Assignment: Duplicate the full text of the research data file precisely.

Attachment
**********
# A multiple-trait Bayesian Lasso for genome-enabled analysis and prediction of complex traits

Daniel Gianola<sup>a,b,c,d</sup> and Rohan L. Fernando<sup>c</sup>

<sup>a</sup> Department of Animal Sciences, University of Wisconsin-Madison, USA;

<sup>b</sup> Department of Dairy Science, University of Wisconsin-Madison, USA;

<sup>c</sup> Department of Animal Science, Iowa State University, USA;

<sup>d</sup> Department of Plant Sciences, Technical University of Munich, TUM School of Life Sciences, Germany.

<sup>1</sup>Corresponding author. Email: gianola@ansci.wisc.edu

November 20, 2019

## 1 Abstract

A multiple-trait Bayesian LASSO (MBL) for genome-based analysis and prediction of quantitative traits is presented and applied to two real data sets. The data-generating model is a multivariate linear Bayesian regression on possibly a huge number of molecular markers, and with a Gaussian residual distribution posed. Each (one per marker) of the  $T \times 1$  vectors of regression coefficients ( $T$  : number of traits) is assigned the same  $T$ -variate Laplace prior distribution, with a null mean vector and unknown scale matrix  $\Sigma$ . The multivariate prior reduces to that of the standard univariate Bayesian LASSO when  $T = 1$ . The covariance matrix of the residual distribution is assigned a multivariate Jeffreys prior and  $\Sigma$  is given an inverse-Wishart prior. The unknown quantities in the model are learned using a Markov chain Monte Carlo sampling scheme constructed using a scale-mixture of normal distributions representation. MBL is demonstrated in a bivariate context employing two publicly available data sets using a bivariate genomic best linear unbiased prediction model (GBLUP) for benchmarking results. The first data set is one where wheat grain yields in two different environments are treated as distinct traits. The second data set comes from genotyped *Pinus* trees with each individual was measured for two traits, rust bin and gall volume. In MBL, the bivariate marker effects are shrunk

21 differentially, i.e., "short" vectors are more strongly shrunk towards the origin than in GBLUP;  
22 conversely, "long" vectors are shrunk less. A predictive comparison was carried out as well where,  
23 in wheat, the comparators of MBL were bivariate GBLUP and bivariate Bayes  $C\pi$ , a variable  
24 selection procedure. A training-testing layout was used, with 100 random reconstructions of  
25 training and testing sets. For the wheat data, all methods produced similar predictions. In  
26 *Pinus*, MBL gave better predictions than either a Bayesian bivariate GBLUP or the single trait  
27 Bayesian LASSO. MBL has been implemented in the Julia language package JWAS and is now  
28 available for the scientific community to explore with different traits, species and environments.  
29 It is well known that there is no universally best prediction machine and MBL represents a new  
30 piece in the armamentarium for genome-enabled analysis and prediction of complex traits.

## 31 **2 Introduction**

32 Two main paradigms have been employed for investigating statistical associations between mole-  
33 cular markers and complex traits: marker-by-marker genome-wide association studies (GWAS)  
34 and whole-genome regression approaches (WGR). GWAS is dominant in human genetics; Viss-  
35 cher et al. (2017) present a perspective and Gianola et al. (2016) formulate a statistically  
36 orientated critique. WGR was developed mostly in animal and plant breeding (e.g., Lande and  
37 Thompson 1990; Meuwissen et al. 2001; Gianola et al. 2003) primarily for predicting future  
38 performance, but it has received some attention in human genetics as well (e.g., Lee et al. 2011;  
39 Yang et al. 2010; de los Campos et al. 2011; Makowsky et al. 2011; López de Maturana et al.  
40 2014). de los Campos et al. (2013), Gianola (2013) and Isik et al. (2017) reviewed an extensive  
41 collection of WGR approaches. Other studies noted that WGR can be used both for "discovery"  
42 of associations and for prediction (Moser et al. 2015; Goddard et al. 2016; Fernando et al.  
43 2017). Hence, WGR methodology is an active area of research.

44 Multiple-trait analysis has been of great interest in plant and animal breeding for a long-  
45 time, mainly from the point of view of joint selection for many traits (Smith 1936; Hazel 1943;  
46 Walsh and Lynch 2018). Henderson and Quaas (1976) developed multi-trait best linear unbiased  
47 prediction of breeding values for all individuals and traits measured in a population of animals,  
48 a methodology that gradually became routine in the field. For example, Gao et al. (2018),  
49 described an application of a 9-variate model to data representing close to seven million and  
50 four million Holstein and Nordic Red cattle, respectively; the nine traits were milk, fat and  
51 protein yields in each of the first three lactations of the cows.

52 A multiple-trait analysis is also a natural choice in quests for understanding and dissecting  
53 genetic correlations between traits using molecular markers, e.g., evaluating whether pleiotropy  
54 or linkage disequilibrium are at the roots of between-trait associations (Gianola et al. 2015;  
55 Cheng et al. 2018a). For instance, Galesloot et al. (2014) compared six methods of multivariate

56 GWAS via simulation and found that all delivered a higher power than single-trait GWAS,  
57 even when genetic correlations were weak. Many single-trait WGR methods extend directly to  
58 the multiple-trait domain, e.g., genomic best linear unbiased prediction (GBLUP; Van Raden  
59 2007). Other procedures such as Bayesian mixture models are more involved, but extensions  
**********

# A multiple-trait Bayesian Lasso for genome-enabled analysis and prediction of complex traits

Daniel Gianola<sup>a,b,c,d</sup> and Rohan L. Fernando<sup>c</sup>

<sup>a</sup> Department of Animal Sciences, University of Wisconsin-Madison, USA;

<sup>b</sup> Department of Dairy Science, University of Wisconsin-Madison, USA;

<sup>c</sup> Department of Animal Science, Iowa State University, USA;

<sup>d</sup> Department of Plant Sciences, Technical University of Munich, TUM School of Life Sciences, Germany.

<sup>1</sup>Corresponding author. Email: gianola@ansci.wisc.edu

November 20, 2019

## 1 Abstract

A multiple-trait Bayesian LASSO (MBL) for genome-based analysis and prediction of quantitative traits is presented and applied to two real data sets. The data-generating model is a multivariate linear Bayesian regression on possibly a huge number of molecular markers, and with a Gaussian residual distribution posed. Each (one per marker) of the  $T \times 1$  vectors of regression coefficients ( $T$  : number of traits) is assigned the same  $T$ -variate Laplace prior distribution, with a null mean vector and unknown scale matrix  $\Sigma$ . The multivariate prior reduces to that of the standard univariate Bayesian LASSO when  $T = 1$ . The covariance matrix of the residual distribution is assigned a multivariate Jeffreys prior and  $\Sigma$  is given an inverse-Wishart prior. The unknown quantities in the model are learned using a Markov chain Monte Carlo sampling scheme constructed using a scale-mixture of normal distributions representation. MBL is demonstrated in a bivariate context employing two publicly available data sets using a bivariate genomic best linear unbiased prediction model (GBLUP) for benchmarking results. The first data set is one where wheat grain yields in two different environments are treated as distinct traits. The second data set comes from genotyped *Pinus* trees with each individual was measured for two traits, rust bin and gall volume. In MBL, the bivariate marker effects are shrunk

21 differentially, i.e., "short" vectors are more strongly shrunk towards the origin than in GBLUP;  
22 conversely, "long" vectors are shrunk less. A predictive comparison was carried out as well where,  
23 in wheat, the comparators of MBL were bivariate GBLUP and bivariate Bayes  $C\pi$ , a variable  
24 selection procedure. A training-testing layout was used, with 100 random reconstructions of  
25 training and testing sets. For the wheat data, all methods produced similar predictions. In  
26 *Pinus*, MBL gave better predictions than either a Bayesian bivariate GBLUP or the single trait  
27 Bayesian LASSO. MBL has been implemented in the Julia language package JWAS and is now  
28 available for the scientific community to explore with different traits, species and environments.  
29 It is well known that there is no universally best prediction machine and MBL represents a new  
30 piece in the armamentarium for genome-enabled analysis and prediction of complex traits.

## 31 **2 Introduction**

32 Two main paradigms have been employed for investigating statistical associations between mole-  
33 cular markers and complex traits: marker-by-marker genome-wide association studies (GWAS)  
34 and whole-genome regression approaches (WGR). GWAS is dominant in human genetics; Viss-  
35 cher et al. (2017) present a perspective and Gianola et al. (2016) formulate a statistically  
36 orientated critique. WGR was developed mostly in animal and plant breeding (e.g., Lande and  
37 Thompson 1990; Meuwissen et al. 2001; Gianola et al. 2003) primarily for predicting future  
38 performance, but it has received some attention in human genetics as well (e.g., Lee et al. 2011;  
39 Yang et al. 2010; de los Campos et al. 2011; Makowsky et al. 2011; López de Maturana et al.  
40 2014). de los Campos et al. (2013), Gianola (2013) and Isik et al. (2017) reviewed an extensive  
41 collection of WGR approaches. Other studies noted that WGR can be used both for "discovery"  
42 of associations and for prediction (Moser et al. 2015; Goddard et al. 2016; Fernando et al.  
43 2017). Hence, WGR methodology is an active area of research.

44 Multiple-trait analysis has been of great interest in plant and animal breeding for a long-  
45 time, mainly from the point of view of joint selection for many traits (Smith 1936; Hazel 1943;  
46 Walsh and Lynch 2018). Henderson and Quaas (1976) developed multi-trait best linear unbiased  
47 prediction of breeding values for all individuals and traits measured in a population of animals,  
48 a methodology that gradually became routine in the field. For example, Gao et al. (2018),  
49 described an application of a 9-variate model to data representing close to seven million and  
50 four million Holstein and Nordic Red cattle, respectively; the nine traits were milk, fat and  
51 protein yields in each of the first three lactations of the cows.

52 A multiple-trait analysis is also a natural choice in quests for understanding and dissecting  
53 genetic correlations between traits using molecular markers, e.g., evaluating whether pleiotropy  
54 or linkage disequilibrium are at the roots of between-trait associations (Gianola et al. 2015;  
55 Cheng et al. 2018a). For instance, Galesloot et al. (2014) compared six methods of multivariate

56 GWAS via simulation and found that all delivered a higher power than single-trait GWAS,  
57 even when genetic correlations were weak. Many single-trait WGR methods extend directly to  
58 the multiple-trait domain, e.g., genomic best linear unbiased prediction (GBLUP; Van Raden  
59 2007). Other procedures such as Bayesian mixture models are more involved, but extensions  